Good (and Bad) Excuses to Leave Work Early
Alison Doyle is one of the nation’s foremost career experts and has counseled both students and corporations on hiring practices. She has given hundreds of interviews on the topic for outlets including The New York Times, BBC News, and LinkedIn. Alison founded CareerToolBelt.com and has been an expert in the field for more than 20 years.
Do you need a good excuse for leaving work early? There are many reasons why you may need to leave work early or come in late. Some appointments and other obligations can’t always be scheduled around working hours.
Or maybe you just need to escape from the office. If you do, you’re not the only one. Jobvite’s Job Seeker Nation Survey reports that 34% of respondents had taken a sick day when they weren’t actually ill.
Here’s advice on company guidelines for taking time off, tips for asking permission to leave, and some of the best (and worst) excuses for asking to leave early or come in late to work.
Factors That Help (or Hurt) Your Chances of Leaving Early
Typically, it’s not a big deal to get out of work early once in a while. But some circumstances can make it easier—or harder—to get your manager’s approval. If you’re lucky, you work for a company that’s flexible and understanding. If not, you may have to work around company policy and formal approval to get permission for time off.
Organizational culture. Company culture is an important factor. Some companies expect workers to report early and stay late in the office to prove their dedication, while others encourage employees to maintain their well-being and keep a healthy work-life balance.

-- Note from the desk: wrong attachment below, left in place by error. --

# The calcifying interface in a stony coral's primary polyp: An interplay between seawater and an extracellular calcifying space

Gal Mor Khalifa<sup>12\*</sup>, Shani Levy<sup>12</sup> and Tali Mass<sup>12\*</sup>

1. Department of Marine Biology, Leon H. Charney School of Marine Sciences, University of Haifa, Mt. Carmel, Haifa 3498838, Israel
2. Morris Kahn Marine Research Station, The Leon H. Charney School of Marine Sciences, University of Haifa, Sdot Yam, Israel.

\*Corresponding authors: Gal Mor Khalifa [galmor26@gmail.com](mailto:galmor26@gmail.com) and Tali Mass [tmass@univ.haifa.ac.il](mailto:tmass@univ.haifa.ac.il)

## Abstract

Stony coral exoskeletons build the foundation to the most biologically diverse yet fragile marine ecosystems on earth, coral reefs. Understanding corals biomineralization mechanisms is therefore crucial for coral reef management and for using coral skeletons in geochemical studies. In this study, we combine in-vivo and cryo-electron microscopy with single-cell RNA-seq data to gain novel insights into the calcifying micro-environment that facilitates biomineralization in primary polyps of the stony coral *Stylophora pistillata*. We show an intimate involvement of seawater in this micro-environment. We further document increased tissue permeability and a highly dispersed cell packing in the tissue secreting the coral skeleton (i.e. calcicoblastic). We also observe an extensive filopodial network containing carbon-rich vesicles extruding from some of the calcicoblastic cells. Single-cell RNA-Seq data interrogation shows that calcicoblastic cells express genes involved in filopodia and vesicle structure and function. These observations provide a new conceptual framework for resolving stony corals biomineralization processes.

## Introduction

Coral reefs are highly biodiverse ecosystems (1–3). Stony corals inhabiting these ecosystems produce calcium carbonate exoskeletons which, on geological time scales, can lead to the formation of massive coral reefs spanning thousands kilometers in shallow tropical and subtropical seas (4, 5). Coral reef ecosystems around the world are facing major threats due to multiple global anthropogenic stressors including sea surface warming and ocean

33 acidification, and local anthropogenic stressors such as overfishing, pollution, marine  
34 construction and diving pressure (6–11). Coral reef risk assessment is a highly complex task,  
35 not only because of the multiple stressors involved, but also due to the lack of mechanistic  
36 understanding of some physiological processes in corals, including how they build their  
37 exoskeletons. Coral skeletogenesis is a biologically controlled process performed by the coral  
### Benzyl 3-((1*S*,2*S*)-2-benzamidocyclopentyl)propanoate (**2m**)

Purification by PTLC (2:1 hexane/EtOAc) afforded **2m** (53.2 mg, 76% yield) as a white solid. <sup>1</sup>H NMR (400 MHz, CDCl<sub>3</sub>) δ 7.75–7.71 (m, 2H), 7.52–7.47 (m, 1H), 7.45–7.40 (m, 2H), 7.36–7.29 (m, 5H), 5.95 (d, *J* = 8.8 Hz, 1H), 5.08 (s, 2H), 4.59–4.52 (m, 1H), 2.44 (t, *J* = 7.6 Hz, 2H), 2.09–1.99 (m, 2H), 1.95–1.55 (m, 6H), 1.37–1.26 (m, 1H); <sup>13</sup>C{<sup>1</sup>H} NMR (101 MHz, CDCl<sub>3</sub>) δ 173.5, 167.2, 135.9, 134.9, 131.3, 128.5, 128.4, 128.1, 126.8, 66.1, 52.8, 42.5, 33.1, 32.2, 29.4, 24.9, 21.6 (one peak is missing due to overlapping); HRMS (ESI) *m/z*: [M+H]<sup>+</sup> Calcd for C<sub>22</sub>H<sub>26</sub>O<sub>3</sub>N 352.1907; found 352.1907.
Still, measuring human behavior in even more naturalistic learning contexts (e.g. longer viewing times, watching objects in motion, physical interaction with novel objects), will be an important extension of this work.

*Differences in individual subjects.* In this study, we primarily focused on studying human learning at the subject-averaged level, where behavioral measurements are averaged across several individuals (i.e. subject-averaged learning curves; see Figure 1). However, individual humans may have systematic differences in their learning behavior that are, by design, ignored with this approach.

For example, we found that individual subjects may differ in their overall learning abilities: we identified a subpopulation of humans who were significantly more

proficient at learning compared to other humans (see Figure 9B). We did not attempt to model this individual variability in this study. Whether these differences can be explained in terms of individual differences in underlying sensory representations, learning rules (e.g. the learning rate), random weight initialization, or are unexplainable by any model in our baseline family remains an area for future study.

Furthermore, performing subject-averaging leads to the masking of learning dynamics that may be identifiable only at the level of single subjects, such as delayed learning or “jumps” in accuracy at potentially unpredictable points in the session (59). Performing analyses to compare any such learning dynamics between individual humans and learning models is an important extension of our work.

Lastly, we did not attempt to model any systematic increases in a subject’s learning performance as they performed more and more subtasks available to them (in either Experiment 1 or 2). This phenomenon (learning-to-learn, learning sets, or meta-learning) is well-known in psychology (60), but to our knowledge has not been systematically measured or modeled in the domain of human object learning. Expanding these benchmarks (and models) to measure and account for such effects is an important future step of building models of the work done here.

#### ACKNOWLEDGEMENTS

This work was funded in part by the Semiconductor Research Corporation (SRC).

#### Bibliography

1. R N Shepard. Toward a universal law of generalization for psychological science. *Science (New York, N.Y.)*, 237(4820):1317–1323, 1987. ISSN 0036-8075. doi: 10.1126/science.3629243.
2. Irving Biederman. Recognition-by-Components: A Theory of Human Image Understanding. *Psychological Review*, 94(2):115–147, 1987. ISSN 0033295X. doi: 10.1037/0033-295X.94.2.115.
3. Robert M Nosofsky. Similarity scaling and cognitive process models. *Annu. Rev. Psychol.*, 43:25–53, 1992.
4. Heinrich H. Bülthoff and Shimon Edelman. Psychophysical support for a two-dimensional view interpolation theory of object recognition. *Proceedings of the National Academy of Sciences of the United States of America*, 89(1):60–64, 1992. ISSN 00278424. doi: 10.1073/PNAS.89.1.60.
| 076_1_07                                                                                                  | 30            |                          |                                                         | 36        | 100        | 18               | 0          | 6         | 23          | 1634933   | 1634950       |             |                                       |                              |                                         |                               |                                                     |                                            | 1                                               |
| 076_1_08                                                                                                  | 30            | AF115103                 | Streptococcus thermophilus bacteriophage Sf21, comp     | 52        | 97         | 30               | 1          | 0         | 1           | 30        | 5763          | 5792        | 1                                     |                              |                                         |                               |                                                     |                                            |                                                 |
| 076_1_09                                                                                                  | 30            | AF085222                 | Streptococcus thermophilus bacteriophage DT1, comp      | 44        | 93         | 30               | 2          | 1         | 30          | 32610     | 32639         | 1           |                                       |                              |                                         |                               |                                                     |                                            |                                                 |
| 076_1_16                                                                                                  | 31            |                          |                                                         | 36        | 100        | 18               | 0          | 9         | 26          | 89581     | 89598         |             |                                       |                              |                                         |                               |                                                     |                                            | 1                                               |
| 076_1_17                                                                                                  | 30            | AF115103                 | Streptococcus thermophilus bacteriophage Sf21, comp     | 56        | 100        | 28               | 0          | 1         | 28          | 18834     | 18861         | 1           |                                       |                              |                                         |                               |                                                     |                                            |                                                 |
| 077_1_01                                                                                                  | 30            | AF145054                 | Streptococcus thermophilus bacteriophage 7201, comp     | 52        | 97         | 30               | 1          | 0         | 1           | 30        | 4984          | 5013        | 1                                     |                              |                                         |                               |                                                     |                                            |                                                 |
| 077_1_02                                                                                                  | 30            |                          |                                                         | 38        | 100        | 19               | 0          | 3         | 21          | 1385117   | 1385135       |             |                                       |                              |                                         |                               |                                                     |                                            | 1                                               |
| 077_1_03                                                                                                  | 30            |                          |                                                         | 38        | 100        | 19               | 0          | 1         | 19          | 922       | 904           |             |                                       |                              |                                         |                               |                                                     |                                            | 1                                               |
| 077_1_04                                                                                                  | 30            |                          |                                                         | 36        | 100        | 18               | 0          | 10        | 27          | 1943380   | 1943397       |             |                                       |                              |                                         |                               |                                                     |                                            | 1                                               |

Company policy may provide for excused absences for part of the workday. If you’re not sure how much time off you’re allowed to take for partial day absences, check with your employee handbook, supervisor, or Human Resources department.
Your relationship with your supervisor. If you get along with your boss, it may be easier to persuade them to allow you to leave early. Some of this is within your control—for example, you can foster a trusting relationship by being honest and reliable—and some of it is the luck of the draw. If you and your boss have communication issues or other interpersonal problems, it will obviously be harder to convince them.
In general, employees whose supervisors and colleagues view them as dedicated are more likely to be treated favorably in the workplace and, in some cases, are more likely to get special privileges.
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About This Article
This article was co-authored by Jennifer Mueller, JD. Jennifer Mueller is an in-house legal expert at wikiHow. Jennifer reviews, fact-checks, and evaluates wikiHow’s legal content to ensure thoroughness and accuracy. She received her JD from Indiana University Maurer School of Law in 2006. This article has been viewed 366,390 times.
If you want to get out of an employment contract, you’ll need to find out the terms of your contract and decide on a valid way to end it. The easiest way to do this is to agree with the other party to terminate the contract early by mutual agreement. If you can’t do this, read through your contract to find the valid reasons for terminating it. For example, your contract may include a provision that it can be ended if you’re physically incapable of performing your work, or if the other party fails to live up to their obligations. Alternatively, you may be able to give the other party notice that you’re ending the contract, which can vary from a week or 2 to several months. If none of these options are possible, try to reach a deal with your employer, such as offering to stay in the job until they find a replacement. For tips from our Legal co-author on how to determine if your contract can be voided, keep reading!